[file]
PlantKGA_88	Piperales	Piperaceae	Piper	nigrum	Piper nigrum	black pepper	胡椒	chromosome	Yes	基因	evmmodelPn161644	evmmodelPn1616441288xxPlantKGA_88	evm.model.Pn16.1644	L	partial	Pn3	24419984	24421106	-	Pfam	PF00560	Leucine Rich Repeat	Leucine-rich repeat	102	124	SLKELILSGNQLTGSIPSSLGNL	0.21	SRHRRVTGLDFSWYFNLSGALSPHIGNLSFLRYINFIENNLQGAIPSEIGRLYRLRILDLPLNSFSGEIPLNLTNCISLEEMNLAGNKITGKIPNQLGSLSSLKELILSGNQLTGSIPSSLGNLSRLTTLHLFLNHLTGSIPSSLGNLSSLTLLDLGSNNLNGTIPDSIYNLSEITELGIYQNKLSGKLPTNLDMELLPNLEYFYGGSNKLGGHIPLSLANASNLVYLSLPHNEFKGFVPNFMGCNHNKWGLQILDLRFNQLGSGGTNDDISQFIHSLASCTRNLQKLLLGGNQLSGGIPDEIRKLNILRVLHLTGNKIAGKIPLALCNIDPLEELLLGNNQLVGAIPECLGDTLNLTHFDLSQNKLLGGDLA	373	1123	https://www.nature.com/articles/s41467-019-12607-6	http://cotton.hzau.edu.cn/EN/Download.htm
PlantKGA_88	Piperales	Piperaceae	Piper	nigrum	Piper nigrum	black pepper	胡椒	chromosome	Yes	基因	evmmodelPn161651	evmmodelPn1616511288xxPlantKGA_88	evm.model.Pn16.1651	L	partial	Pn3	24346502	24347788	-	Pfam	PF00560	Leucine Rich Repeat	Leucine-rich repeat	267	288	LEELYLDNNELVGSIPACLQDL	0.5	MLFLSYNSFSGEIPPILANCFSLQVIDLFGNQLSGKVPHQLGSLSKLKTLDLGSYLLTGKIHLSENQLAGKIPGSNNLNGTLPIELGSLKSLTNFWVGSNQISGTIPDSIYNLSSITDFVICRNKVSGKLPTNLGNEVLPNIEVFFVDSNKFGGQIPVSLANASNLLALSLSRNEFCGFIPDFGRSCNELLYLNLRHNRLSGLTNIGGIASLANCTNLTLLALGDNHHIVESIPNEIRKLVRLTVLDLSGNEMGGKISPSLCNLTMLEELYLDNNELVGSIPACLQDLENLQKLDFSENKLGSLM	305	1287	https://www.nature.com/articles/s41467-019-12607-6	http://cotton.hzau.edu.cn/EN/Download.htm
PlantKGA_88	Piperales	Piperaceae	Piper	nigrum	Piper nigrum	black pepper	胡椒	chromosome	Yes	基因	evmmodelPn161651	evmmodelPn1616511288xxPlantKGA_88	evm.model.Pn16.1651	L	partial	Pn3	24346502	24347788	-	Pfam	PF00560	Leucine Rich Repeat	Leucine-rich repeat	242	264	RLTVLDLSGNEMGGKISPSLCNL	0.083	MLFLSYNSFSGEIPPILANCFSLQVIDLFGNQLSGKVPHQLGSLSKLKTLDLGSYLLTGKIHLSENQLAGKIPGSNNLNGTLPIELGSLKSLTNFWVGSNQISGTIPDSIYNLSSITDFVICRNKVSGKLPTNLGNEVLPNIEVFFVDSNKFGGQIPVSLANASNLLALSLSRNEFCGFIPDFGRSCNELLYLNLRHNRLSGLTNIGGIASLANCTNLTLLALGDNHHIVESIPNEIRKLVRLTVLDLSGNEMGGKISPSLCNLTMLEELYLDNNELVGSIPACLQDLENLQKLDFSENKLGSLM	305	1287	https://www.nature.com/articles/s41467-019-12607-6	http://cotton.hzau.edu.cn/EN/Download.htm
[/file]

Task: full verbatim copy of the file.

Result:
PlantKGA_88	Piperales	Piperaceae	Piper	nigrum	Piper nigrum	black pepper	胡椒	chromosome	Yes	基因	evmmodelPn161644	evmmodelPn1616441288xxPlantKGA_88	evm.model.Pn16.1644	L	partial	Pn3	24419984	24421106	-	Pfam	PF00560	Leucine Rich Repeat	Leucine-rich repeat	102	124	SLKELILSGNQLTGSIPSSLGNL	0.21	SRHRRVTGLDFSWYFNLSGALSPHIGNLSFLRYINFIENNLQGAIPSEIGRLYRLRILDLPLNSFSGEIPLNLTNCISLEEMNLAGNKITGKIPNQLGSLSSLKELILSGNQLTGSIPSSLGNLSRLTTLHLFLNHLTGSIPSSLGNLSSLTLLDLGSNNLNGTIPDSIYNLSEITELGIYQNKLSGKLPTNLDMELLPNLEYFYGGSNKLGGHIPLSLANASNLVYLSLPHNEFKGFVPNFMGCNHNKWGLQILDLRFNQLGSGGTNDDISQFIHSLASCTRNLQKLLLGGNQLSGGIPDEIRKLNILRVLHLTGNKIAGKIPLALCNIDPLEELLLGNNQLVGAIPECLGDTLNLTHFDLSQNKLLGGDLA	373	1123	https://www.nature.com/articles/s41467-019-12607-6	http://cotton.hzau.edu.cn/EN/Download.htm
PlantKGA_88	Piperales	Piperaceae	Piper	nigrum	Piper nigrum	black pepper	胡椒	chromosome	Yes	基因	evmmodelPn161651	evmmodelPn1616511288xxPlantKGA_88	evm.model.Pn16.1651	L	partial	Pn3	24346502	24347788	-	Pfam	PF00560	Leucine Rich Repeat	Leucine-rich repeat	267	288	LEELYLDNNELVGSIPACLQDL	0.5	MLFLSYNSFSGEIPPILANCFSLQVIDLFGNQLSGKVPHQLGSLSKLKTLDLGSYLLTGKIHLSENQLAGKIPGSNNLNGTLPIELGSLKSLTNFWVGSNQISGTIPDSIYNLSSITDFVICRNKVSGKLPTNLGNEVLPNIEVFFVDSNKFGGQIPVSLANASNLLALSLSRNEFCGFIPDFGRSCNELLYLNLRHNRLSGLTNIGGIASLANCTNLTLLALGDNHHIVESIPNEIRKLVRLTVLDLSGNEMGGKISPSLCNLTMLEELYLDNNELVGSIPACLQDLENLQKLDFSENKLGSLM	305	1287	https://www.nature.com/articles/s41467-019-12607-6	http://cotton.hzau.edu.cn/EN/Download.htm
PlantKGA_88	Piperales	Piperaceae	Piper	nigrum	Piper nigrum	black pepper	胡椒	chromosome	Yes	基因	evmmodelPn161651	evmmodelPn1616511288xxPlantKGA_88	evm.model.Pn16.1651	L	partial	Pn3	24346502	24347788	-	Pfam	PF00560	Leucine Rich Repeat	Leucine-rich repeat	242	264	RLTVLDLSGNEMGGKISPSLCNL	0.083	MLFLSYNSFSGEIPPILANCFSLQVIDLFGNQLSGKVPHQLGSLSKLKTLDLGSYLLTGKIHLSENQLAGKIPGSNNLNGTLPIELGSLKSLTNFWVGSNQISGTIPDSIYNLSSITDFVICRNKVSGKLPTNLGNEVLPNIEVFFVDSNKFGGQIPVSLANASNLLALSLSRNEFCGFIPDFGRSCNELLYLNLRHNRLSGLTNIGGIASLANCTNLTLLALGDNHHIVESIPNEIRKLVRLTVLDLSGNEMGGKISPSLCNLTMLEELYLDNNELVGSIPACLQDLENLQKLDFSENKLGSLM	305	1287	https://www.nature.com/articles/s41467-019-12607-6	http://cotton.hzau.edu.cn/EN/Download.htm